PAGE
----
To me the core issue of this thread is whether staying RAW as long as possible is really a significant benefit over a proper transcode to a robust RGB format.
To determine that there are several issues that need to be examined in a comparative manner to find any pitfalls or benefits in terms of image quality. The debate over the practicality of staying RAW longer is typically more about the particular production environment one encounters on a given project. It would be great if we could cite universally beneficial practices that would apply to any project but as the spectrum of comments on this forum proves, that's not reality.
The reality I see is that budget, turnaround time, sophistication of personnel, post tools, etc are all factors that need to be considered all the way to how a scene is lit and exposed. I also believe that native scene DR and whether elements in the frame with lower exposure levels need to "play" in the finish have to be considered in choosing a strategy. For example, for a dimly lit scene I might add more light to get a cleaner "RAW negative" and then restore the shadows in the grade to keep the noise from intruding. On a sunny exterior I might underexpose a little to hold more highlight information knowing that with all that blue light I should be able to dig whatever I need out of the shadows with minimal noise.
ISO on a digital camera can be counterintuitive, so I suggest we think in terms of signal to noise ratio. One of the things I noticed immediately with MX sensor performance in the Epic vs the R1 was the increased precision in the shadows (which I attribute to the added bit depth) changed the noise "signature", I would wager that's one of the things that Gunleik notices when comparing them. The lighter compression options made possible by the higher data rates also seems to give more texture to areas of relatively consistent density/chroma which I assume is due to less interpolating in the wavelet encode - but that's a Graeme issue that he may be constrained from discussing in detail publicly. In any case, to add a more seat of the pants perspective to all this tech talk, I have a story:
My friend, and legendary RedUser, Evin Grant, embraced the noise right from the earliest Mysterium/R1 days. He liked the texture and thought of it as digital grain. He loved the look of film and I think he found the "clean" digital negative too sterile, so he sought out some noise to add some guts and grit. He made some very evocative imagery with that approach, though his skill as a DP was probably more to "blame" (hehe) than his ardor for noise. I bring this up, because at the time I was firmly in the other camp trying to kill noise because I disliked the way the type of noise we had in 2008 seemed to look roughly the same no matter what the other image metrics might be - it was easier to see and harder to kill under 3000K, but its character was roughly the same as in dark shadows under daylight.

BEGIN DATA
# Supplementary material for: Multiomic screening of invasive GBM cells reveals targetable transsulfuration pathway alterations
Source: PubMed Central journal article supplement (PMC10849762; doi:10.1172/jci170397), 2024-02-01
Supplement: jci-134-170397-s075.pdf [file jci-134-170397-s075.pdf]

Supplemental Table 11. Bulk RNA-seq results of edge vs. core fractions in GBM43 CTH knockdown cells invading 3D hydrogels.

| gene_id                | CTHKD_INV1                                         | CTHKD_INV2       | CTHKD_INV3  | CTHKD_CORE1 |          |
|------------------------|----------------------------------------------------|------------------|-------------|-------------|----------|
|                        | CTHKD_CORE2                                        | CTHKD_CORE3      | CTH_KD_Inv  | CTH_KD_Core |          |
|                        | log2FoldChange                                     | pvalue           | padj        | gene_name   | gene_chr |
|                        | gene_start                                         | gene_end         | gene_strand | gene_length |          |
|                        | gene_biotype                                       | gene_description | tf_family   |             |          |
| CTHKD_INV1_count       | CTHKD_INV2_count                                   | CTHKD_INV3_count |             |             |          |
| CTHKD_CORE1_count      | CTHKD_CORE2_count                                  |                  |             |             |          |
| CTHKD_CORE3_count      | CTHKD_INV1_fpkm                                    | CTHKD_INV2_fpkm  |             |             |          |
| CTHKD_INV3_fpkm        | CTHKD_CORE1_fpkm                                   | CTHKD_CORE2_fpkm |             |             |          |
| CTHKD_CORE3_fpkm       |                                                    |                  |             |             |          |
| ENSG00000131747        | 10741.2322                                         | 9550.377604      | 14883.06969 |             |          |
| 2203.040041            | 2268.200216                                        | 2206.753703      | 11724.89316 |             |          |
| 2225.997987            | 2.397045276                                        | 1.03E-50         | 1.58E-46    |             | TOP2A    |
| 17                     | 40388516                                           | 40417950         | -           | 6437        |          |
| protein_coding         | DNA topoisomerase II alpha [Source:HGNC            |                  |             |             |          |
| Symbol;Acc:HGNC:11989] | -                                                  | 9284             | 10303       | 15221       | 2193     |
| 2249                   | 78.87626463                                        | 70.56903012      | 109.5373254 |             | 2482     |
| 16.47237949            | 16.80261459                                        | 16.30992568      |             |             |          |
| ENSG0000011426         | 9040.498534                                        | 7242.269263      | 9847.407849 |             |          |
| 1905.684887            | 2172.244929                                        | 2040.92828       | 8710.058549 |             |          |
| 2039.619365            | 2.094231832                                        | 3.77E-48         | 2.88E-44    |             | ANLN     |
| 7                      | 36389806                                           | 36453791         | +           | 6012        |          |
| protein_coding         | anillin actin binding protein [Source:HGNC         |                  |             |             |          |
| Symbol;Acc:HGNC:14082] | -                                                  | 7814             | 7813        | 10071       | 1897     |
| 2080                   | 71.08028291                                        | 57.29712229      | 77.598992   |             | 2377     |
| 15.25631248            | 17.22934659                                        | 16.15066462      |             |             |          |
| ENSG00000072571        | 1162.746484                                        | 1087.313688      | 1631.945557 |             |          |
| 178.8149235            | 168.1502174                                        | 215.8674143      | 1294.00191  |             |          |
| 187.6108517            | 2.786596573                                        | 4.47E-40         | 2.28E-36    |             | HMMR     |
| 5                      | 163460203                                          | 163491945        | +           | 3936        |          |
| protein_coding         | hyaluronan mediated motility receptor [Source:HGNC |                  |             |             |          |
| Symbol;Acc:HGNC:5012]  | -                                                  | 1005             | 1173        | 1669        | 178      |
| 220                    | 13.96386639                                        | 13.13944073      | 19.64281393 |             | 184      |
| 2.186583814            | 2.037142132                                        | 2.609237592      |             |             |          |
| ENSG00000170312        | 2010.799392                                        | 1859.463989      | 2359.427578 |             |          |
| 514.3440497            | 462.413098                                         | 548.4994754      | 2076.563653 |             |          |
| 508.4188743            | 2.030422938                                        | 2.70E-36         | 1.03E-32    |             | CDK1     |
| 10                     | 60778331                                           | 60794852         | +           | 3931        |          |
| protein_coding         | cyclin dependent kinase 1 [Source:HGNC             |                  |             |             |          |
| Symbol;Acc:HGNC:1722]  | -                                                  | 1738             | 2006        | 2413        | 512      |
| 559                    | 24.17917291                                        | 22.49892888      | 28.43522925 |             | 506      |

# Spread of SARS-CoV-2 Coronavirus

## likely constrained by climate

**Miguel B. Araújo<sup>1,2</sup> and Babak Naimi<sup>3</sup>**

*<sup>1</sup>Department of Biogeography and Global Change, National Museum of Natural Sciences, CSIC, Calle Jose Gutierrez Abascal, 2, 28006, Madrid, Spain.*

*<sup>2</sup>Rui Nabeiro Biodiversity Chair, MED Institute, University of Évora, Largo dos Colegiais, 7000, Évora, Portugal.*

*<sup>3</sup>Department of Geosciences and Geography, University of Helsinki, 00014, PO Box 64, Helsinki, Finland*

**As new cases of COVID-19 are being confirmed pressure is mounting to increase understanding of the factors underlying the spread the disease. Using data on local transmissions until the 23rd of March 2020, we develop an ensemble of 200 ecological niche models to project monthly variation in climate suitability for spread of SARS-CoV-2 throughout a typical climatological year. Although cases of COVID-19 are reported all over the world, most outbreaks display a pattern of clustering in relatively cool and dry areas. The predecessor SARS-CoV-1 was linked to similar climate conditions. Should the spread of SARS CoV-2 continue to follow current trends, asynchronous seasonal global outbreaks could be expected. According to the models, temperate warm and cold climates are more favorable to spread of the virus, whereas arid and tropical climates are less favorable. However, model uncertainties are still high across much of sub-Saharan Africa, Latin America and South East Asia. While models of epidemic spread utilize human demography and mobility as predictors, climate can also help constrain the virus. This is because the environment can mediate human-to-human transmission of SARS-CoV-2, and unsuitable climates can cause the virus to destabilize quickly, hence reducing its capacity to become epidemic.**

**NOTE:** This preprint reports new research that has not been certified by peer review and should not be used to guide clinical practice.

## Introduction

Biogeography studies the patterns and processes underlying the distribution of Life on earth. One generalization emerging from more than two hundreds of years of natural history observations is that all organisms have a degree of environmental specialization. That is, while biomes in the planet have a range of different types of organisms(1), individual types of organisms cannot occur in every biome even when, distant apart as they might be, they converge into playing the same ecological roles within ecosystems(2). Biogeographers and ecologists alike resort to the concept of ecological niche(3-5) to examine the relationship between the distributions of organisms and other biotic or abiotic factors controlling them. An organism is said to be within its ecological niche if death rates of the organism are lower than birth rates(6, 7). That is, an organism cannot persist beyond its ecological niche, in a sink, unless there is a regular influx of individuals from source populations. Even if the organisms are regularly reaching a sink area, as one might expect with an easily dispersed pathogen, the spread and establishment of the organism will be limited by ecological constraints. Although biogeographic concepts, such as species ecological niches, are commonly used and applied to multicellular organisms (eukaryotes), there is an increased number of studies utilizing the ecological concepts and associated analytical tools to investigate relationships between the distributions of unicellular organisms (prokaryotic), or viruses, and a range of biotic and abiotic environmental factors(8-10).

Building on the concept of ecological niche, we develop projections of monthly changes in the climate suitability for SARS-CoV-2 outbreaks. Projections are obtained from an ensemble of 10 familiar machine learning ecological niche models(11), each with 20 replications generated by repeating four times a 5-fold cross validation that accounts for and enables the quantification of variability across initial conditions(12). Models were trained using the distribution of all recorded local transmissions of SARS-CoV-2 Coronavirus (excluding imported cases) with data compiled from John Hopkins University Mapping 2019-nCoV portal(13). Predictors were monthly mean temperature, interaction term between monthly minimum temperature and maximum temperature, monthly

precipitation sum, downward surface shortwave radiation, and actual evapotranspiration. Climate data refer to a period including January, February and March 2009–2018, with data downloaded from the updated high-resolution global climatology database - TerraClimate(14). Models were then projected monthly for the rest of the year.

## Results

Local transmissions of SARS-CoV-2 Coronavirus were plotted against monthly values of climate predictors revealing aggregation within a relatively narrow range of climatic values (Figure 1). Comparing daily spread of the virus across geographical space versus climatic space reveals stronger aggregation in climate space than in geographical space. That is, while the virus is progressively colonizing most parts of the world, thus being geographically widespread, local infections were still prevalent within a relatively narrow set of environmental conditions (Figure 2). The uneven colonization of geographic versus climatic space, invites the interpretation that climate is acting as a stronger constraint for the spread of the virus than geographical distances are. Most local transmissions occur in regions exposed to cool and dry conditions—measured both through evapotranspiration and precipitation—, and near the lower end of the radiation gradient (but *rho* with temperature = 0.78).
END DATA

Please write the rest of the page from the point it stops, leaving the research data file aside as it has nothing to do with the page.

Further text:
With the introduction of the MX sensor and the concurrent release of new color science (RC2/RG2 IIRC) the noise "character" changed rather dramatically. Instead of chunky it was now a smooth gray bottom end and, even better, we had another 2 stops of genuine DR before it even went into the noise floor. For grain aficionados like Evin, there were now several post plugs that could dial in the amount and type of grain desired - I believe there was even one company that used scans of popular film stocks to create a random noise pattern that could be comped in during DI/finishing.
With the Epic/MX package I am now seeing noise "signatures" that track more accurately to the specific scene and subtle differences in the deep shadows. This makes me more comfortable with letting the noise "play" in certain material for some of the same goals Evin had. I still think adding random grain in post is a better way to get that grittier look, but that takes some serious computational horsepower in post AFAIK. In any case, its worth noting that all noise is not created equal and so determining a specific numerical value of S/N in db is not as purely empirical as we camera nerds would like.
FWIW, even with the newest color science I still pop on a 1/4 CTB anytime the light sources are under 3000K. I know that Graeme has gone to great lengths to optimize the reconstruction of balanced images even when the color temp is near the extremes, but it seems to help (perhaps its just my bias clouding my judgement). I bring it up in this thread because I believe it makes the choice to transcode to an RGB format at the one light stage easier to do.
Cheers - #19